Nowhere to Turn for the Materialist
Regis NicollRegis Nicoll is a Centurion of The Chuck Colson Center for Christian Worldview. He spent 30 years as a nuclear specialist, and is now a freelance writer who writes on current issues from a Christian perspective. His work regularly appears on BreakPoint online and SALVO magazine among other places. Regis also teaches and speaks on a variety of worldview topics, covering everything from Sharing the Gospel in a Postmodern Generation to String Theory. He currently serves as lay pastor of Hamilton Anglican Fellowship (www.hamiltonaf.org) in Chattanooga, Tennessee.
- 2007 Jun 26
For the Darwinian faithful troubled by our "against-all-odds" cosmos, the "multiverse" has been a comforting sedative. According to the theory, the multiverse is a supercosmos made up of an infinite number of universes, ensuring that the intricate network of coincidences necessary for life will be actualized in one of them. As to where the multiverse came from...well, there are a few ideas about that.
One, called the "many-worlds theory", depends on a controversial interpretation of quantum mechanics in which an endless stream of universes is created by every object in the cosmos at every moment in time. For rank-and-file physicists this theory is, at best, tedious.
In another theory, the multiverse originates from something called "chaotic inflation." In 1981, by a set of mathematical gyrations, Stanford cosmologist Andre Linde demonstrated that if a quantum-sized "nugget" of space fluctuated suddenly and violently, it could become a "bubble" of intense energy ballooning into a whole universe. Then, if the initial "bubble" quickly disintegrated into a constellation of bubbles, much like the fizz created after opening a bottle of soda, it would spawn multiple universes. And, if inflation is a continuing process, then the increasing number of universes would guarantee the existence of ours. (Anyone counting the number of "ifs" here?).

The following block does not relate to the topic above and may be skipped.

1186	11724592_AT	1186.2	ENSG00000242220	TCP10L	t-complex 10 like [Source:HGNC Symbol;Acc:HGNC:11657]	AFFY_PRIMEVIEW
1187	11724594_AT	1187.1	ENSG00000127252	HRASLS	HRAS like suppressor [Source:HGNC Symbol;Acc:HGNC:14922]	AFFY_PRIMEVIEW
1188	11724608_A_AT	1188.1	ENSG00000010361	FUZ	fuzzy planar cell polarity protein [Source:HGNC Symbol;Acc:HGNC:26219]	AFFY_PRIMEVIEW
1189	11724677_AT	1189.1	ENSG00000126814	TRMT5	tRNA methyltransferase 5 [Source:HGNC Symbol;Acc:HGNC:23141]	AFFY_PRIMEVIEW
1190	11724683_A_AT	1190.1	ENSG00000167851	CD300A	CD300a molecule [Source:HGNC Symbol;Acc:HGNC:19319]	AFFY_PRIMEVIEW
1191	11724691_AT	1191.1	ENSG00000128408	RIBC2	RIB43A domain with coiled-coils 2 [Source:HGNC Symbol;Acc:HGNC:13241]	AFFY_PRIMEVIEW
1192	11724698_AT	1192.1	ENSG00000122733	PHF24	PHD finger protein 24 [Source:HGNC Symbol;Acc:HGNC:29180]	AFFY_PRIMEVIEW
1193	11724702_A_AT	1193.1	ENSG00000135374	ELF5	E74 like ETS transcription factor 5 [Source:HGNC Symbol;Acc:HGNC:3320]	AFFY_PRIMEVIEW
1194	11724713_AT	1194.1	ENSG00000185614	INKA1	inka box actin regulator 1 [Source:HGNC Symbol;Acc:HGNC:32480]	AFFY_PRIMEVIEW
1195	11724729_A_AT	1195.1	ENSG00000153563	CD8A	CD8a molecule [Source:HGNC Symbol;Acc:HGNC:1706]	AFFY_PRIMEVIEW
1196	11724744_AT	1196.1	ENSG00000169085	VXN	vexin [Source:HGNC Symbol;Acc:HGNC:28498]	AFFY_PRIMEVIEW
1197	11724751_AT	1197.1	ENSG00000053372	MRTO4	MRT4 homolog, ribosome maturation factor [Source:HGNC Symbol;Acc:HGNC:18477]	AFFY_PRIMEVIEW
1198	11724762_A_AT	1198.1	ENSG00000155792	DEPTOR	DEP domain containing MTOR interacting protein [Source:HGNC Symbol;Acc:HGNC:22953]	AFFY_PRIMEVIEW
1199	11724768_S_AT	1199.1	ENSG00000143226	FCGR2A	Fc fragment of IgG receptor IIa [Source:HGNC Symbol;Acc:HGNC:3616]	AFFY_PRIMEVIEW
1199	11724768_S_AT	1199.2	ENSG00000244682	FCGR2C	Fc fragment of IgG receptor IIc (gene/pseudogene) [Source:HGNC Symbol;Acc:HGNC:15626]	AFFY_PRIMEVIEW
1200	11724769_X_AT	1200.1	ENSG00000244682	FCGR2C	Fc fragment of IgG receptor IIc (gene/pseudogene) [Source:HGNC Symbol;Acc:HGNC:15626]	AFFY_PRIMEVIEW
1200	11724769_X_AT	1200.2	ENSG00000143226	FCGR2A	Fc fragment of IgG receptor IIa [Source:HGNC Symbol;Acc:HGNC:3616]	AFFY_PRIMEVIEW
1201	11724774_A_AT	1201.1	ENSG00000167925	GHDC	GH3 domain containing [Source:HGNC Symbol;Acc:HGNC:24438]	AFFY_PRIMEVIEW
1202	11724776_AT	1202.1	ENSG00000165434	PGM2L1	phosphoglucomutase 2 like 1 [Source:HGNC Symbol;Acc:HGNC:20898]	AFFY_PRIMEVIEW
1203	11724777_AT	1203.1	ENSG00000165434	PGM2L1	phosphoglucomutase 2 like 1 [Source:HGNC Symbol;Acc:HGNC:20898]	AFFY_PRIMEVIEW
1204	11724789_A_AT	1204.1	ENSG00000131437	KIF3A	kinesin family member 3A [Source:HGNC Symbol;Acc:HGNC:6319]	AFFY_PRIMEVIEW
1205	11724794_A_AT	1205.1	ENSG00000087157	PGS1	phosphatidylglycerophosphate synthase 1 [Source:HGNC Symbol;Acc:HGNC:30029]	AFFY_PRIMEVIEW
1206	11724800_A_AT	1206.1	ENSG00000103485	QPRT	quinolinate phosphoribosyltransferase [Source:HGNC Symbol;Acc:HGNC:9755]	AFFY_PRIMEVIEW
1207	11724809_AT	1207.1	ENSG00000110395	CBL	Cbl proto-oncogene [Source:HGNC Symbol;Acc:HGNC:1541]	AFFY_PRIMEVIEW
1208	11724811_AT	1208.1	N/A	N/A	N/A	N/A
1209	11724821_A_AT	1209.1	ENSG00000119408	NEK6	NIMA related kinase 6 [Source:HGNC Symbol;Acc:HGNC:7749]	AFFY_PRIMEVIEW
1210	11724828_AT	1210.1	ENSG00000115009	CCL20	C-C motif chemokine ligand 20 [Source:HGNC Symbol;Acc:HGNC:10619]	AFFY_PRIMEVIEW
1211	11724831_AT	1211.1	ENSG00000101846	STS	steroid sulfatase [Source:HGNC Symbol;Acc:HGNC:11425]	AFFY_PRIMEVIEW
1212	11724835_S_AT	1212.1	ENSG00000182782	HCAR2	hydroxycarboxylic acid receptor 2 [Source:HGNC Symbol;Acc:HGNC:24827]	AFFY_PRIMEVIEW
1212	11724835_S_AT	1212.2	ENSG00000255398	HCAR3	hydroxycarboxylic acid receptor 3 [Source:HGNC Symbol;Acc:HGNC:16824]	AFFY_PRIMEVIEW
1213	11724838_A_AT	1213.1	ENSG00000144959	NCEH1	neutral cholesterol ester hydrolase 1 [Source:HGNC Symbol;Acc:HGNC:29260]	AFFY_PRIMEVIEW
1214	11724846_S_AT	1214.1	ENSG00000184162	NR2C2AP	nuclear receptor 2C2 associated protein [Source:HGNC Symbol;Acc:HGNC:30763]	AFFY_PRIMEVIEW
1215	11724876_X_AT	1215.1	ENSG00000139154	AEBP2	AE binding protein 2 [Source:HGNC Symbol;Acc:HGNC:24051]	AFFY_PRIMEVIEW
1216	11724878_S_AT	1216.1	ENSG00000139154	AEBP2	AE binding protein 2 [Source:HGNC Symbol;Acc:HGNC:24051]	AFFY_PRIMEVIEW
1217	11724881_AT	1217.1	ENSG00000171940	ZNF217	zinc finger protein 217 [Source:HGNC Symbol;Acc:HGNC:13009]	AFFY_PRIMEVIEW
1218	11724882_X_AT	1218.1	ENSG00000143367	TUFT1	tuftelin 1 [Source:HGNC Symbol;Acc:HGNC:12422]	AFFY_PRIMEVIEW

For those unsatisfied with many-worlds and inflation, "black holes" have come to the rescue. Black holes are those cosmic cannibals gobbling up everything in their "field of vision" through their intense gravitational fields. Problem is, although there are many stellar objects that have been labeled as "black hole candidates," there are no confirmed black holes. What's more, even the theoretical basis for the existence of black holes seems to be crumbling.
According to new calculations performed by physicist Lawrence Krauss and his colleagues, a black hole should evaporate before it is formed, much like a glutton with chronic dysentery. That's bad news for the materialist discomforted by the implications of a Goldilocks cosmos where, from the infinitesimal to the infinite, everything appears to be meticulously tweaked for the very existence of the world in which we find ourselves.
(What are your thoughts about black holes? Post them here.)